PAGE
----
March 16, 2020

The social sector response to COVID-19

From introducing work from home to helping donors and field workers, this is how social sector organisations in India are responding to the COVID-19 pandemic.

5 min read

This list of guidelines and practices that organisations are taking in response to COVID-19 has been crowdsourced. It is a developing document — if you would like to add to it, please send us an email on [email protected].

This article was last updated on 18th March 2020. 

1. What donors and foundations can do

This is a good time for donors and foundations to reach out to their grantee organisations. Below are some steps that are being followed:

  • Reassure: Tell your grantee partners that you understand the stress COVID-19 has placed/might place on their programmes and that they are not alone in dealing with it. This will go a long way in reassuring them.
  • Re-align deliverables: Allow your grantee organisations to share delays, changes, and risks they foresee, so that you can plan how best to address them together.
  • Communicate with your board: Talk to members of your board and sensitise them about the effects of the pandemic on grantee partners and programmes, so that everyone is on the same page.
  • Communicate with your funding partners: Talk to your funding partners about the likelihood of any changes to programme scope and deliverables.

2. Working in the field

  • Home visits in the community: Some organisations are avoiding home visits, and are instead using phone calls for information sharing, awareness building, counselling, etc.
  • Group activities: While organisations vary in how they are defining a large group, some say they are looking at it as 10 people or more, and avoiding activities accordingly.
  • Interactions between team members from within and outside the community are being minimised.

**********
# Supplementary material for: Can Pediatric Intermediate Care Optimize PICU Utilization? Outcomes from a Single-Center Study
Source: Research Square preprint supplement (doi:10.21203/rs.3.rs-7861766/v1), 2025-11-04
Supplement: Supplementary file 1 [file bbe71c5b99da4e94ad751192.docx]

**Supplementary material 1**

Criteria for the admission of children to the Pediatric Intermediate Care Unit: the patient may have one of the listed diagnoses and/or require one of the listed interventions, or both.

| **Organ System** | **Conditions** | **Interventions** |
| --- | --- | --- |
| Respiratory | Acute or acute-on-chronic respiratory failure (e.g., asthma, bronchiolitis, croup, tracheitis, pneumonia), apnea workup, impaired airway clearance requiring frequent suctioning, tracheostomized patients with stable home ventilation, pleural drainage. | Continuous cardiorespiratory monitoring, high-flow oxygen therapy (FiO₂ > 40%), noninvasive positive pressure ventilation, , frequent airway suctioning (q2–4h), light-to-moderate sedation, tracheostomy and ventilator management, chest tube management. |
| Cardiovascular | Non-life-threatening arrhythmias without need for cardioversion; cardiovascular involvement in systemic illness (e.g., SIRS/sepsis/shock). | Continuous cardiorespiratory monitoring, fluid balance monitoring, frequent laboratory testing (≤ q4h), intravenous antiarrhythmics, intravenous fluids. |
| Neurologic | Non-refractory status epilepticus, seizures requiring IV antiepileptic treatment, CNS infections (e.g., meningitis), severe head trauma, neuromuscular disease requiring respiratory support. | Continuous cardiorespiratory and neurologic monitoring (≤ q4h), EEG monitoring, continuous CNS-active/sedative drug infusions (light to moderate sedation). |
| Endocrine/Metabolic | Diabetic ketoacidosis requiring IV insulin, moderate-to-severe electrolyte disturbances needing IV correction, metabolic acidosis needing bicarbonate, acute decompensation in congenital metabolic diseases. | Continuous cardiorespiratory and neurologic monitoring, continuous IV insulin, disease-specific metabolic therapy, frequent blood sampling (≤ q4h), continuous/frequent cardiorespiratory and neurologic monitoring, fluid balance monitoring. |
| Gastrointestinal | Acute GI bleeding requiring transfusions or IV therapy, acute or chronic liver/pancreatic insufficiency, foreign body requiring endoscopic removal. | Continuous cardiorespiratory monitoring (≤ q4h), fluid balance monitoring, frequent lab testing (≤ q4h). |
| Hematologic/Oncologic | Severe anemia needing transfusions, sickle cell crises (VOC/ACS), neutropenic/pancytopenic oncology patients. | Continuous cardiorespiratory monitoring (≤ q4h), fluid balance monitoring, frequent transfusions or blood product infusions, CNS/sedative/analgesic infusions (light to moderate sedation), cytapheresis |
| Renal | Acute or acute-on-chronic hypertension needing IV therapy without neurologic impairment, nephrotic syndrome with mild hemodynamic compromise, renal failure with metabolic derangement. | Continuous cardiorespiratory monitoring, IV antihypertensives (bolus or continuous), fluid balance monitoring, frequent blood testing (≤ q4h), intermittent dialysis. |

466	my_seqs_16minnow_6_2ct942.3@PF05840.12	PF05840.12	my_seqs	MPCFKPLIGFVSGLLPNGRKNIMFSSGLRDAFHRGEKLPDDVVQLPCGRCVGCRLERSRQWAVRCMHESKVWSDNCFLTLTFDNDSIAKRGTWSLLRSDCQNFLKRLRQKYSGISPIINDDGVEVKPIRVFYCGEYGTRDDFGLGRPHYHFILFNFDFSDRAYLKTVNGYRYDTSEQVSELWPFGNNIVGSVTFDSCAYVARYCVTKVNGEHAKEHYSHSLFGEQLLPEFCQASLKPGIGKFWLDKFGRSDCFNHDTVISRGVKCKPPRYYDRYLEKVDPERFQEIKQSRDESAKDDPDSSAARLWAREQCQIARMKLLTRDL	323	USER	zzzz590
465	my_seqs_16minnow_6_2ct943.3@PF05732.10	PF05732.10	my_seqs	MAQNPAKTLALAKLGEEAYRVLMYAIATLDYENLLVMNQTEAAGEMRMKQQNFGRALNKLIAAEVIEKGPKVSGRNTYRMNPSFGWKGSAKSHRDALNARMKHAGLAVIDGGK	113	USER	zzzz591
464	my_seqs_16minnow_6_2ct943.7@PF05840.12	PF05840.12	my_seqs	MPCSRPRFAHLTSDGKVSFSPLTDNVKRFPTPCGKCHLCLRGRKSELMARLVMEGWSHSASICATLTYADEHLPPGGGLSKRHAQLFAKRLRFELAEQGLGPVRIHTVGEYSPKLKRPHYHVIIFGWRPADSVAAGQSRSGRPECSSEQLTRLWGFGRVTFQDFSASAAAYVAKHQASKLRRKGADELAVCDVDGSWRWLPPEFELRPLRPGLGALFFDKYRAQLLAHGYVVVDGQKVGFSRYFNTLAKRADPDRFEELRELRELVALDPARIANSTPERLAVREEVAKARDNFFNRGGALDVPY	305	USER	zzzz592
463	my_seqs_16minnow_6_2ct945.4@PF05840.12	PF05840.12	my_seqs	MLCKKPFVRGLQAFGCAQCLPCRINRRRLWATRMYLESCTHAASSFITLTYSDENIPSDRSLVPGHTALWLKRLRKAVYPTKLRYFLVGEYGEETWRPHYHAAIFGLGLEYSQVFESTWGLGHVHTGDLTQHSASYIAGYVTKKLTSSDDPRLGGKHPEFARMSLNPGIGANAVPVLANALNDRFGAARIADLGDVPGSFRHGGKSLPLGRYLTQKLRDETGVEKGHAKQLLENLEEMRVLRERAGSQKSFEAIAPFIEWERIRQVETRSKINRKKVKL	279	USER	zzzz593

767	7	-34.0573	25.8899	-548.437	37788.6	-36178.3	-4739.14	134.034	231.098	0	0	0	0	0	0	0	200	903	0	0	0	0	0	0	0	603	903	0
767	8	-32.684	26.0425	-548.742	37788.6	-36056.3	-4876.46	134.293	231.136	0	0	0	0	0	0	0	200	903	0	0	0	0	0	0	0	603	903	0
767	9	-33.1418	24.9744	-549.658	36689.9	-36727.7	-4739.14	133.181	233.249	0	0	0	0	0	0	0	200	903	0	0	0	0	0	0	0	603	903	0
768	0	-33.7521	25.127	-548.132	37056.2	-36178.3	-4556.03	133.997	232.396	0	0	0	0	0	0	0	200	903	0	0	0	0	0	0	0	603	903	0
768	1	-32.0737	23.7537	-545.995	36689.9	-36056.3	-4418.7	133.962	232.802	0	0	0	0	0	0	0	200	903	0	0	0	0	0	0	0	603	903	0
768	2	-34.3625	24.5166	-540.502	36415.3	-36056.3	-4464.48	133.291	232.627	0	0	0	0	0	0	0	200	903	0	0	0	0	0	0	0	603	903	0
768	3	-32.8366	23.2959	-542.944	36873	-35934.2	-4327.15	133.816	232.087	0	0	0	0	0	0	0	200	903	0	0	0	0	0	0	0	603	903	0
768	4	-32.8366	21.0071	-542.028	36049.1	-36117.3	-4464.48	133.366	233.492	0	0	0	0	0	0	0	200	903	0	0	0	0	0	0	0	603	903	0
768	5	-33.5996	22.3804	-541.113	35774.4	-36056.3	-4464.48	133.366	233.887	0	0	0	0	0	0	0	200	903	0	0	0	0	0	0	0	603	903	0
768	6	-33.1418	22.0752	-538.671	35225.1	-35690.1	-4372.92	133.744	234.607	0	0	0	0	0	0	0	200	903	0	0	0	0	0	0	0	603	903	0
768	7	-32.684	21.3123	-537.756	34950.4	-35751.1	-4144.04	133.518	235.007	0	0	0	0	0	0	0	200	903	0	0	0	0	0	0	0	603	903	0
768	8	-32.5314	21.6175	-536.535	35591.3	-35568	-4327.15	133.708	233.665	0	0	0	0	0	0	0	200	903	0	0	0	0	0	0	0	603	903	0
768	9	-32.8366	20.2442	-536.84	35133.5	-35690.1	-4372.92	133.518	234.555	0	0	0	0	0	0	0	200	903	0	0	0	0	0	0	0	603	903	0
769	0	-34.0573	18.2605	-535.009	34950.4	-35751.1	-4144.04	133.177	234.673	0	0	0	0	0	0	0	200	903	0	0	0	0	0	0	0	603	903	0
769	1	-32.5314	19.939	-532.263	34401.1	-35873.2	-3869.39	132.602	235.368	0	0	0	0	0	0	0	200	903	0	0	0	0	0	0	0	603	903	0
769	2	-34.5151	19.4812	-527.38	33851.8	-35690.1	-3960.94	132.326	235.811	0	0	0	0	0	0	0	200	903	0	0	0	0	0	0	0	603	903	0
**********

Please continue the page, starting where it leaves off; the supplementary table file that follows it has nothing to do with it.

• When handling cash (for instance, during SHG meetings), a good practice to follow is to put the cash in a ziplock bag and immediately use hand sanitiser or soap to wash hands.
  • Items that are handled by multiple people should either be disinfected or multiple instances of handling need to be limited.
  • Data collection practices: Draw on these guidelines from IDinsight.

3. Working in the office

  • Minimise points of infection: Organisations have asked team members to leave shoes by the door when they walk in, have provided adequate amounts of sanitiser, and have put measures in place to ensure that surfaces that are touched frequently (door knobs, switches, remote controls, tables, etc) are disinfected regularly. Organisations that use biometric attendance systems have replaced these with a manual attendance register, ensuring that only one person handles the register.
  • Follow good personal hygiene: Wash your hands frequently. If soap and water are not readily available, use an alcohol-based hand sanitiser that contains at least 70 percent alcohol. If you cough or sneeze, cover your mouth and nose with a tissue, throw the tissue in a bin and wash hands with soap and water. Use your elbow instead of your finger to navigate commonly-touched items like switches and door handles, wherever possible. If you have to use your hands, follow it up with a handwash/sanitiser. 
  • Staggered timings: For people coming into work by public transport, some organisations have allowed flexible timings/have staggered their timings for team members so that they don’t travel during rush hour.
  • Meetings: Organisations have made it so that team members have the choice to advocate for any essential meetings to happen in a safer way (for instance, a virtual meeting or phone call). They have granted people the first right of rejection to be physically present in an external meeting, and those that do go for meetings are asked to exercise caution. One way in which this is being done is by avoiding meeting locations that are not on office premises. Organisations are also asking their teams to avoid inviting visitors to their offices.
  • Avoid public transport and spaces: Use personal transport or cabs/autos for any travel within cities. Avoid public spaces, crowded areas, and any large group meetings/conferences.

4. Working from home (WFH)

  • Prior to mandating a WFH: Conduct a survey to check if all team members have a safe and suitable place to work from remotely, and stress test your organisation’s servers to check if they can support everyone logging in remotely.